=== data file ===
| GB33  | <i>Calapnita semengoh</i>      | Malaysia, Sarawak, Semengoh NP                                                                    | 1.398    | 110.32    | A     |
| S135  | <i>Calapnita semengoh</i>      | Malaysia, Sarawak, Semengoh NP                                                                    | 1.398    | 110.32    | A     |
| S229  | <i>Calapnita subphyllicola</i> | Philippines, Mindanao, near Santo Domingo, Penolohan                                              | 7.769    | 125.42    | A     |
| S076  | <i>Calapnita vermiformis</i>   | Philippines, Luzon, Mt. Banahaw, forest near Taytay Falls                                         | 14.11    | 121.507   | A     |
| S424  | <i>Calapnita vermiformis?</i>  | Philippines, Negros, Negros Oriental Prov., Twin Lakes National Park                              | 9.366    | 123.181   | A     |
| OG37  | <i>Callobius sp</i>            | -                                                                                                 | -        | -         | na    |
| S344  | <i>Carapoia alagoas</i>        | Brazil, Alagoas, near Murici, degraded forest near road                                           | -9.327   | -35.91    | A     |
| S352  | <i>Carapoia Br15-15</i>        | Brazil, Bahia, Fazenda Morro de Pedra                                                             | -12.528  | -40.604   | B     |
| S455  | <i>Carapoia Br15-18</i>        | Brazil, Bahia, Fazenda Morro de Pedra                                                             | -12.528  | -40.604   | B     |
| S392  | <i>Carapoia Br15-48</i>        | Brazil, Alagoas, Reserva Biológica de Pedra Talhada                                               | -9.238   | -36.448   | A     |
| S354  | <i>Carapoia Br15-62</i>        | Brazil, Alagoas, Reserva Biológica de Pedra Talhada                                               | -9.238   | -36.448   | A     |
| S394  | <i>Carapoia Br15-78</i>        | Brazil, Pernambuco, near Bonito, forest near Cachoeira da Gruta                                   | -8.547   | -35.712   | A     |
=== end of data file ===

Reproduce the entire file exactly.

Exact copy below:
| GB33  | <i>Calapnita semengoh</i>      | Malaysia, Sarawak, Semengoh NP                                                                    | 1.398    | 110.32    | A     |
| S135  | <i>Calapnita semengoh</i>      | Malaysia, Sarawak, Semengoh NP                                                                    | 1.398    | 110.32    | A     |
| S229  | <i>Calapnita subphyllicola</i> | Philippines, Mindanao, near Santo Domingo, Penolohan                                              | 7.769    | 125.42    | A     |
| S076  | <i>Calapnita vermiformis</i>   | Philippines, Luzon, Mt. Banahaw, forest near Taytay Falls                                         | 14.11    | 121.507   | A     |
| S424  | <i>Calapnita vermiformis?</i>  | Philippines, Negros, Negros Oriental Prov., Twin Lakes National Park                              | 9.366    | 123.181   | A     |
| OG37  | <i>Callobius sp</i>            | -                                                                                                 | -        | -         | na    |
| S344  | <i>Carapoia alagoas</i>        | Brazil, Alagoas, near Murici, degraded forest near road                                           | -9.327   | -35.91    | A     |
| S352  | <i>Carapoia Br15-15</i>        | Brazil, Bahia, Fazenda Morro de Pedra                                                             | -12.528  | -40.604   | B     |
| S455  | <i>Carapoia Br15-18</i>        | Brazil, Bahia, Fazenda Morro de Pedra                                                             | -12.528  | -40.604   | B     |
| S392  | <i>Carapoia Br15-48</i>        | Brazil, Alagoas, Reserva Biológica de Pedra Talhada                                               | -9.238   | -36.448   | A     |
| S354  | <i>Carapoia Br15-62</i>        | Brazil, Alagoas, Reserva Biológica de Pedra Talhada                                               | -9.238   | -36.448   | A     |
| S394  | <i>Carapoia Br15-78</i>        | Brazil, Pernambuco, near Bonito, forest near Cachoeira da Gruta                                   | -8.547   | -35.712   | A     |